It’s Lot 521 that really caught my attention. Years before her death, Marilyn asked Whitey to promise her that he’d do her makeup for her funeral should she predecease him. He jokingly replied, “Sure, drop off the body while it’s still warm and I’ll do it.” Amused, Marilyn bought him a gold Tiffany money clip engraved: “Whitey Dear, While I’m still warm, Marilyn.”

Engraved gold Tiffany money clip, gift from Marilyn Monroe to Allan "Whitey" Snyder

Matt Lauer called it “gross” but I find it terribly sweet and sad. I hope against hope that someone not too creepy buys it.

When Marilyn died in 1962, her ex-husband Joe DiMaggio took care of the funeral arrangements. He reminded Whitey of his promise and Whitey, fortified with a flask of gin, kept it. He did her makeup one last time and was one of the pallbearers.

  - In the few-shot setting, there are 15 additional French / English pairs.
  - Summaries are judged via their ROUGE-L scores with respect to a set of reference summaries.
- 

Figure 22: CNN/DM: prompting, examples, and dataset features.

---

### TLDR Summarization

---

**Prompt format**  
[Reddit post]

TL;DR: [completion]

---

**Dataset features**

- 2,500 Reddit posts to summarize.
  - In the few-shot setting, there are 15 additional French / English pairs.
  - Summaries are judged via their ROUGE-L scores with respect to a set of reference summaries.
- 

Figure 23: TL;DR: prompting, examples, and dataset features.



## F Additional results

1940 Census to be released online for the first time

Sunday, March 18th, 2012

1940 Census advertisement posterThe United States has taken a census of the population every 10 years without fail since 1790. Census figures determine how many seats in the House of Representatives are allocated to each state. The first census takers were federal marshals who went door to door recording the name of the head of the household and the number of people in each household. Native Americans were not counted. Only three out of five slaves were counted.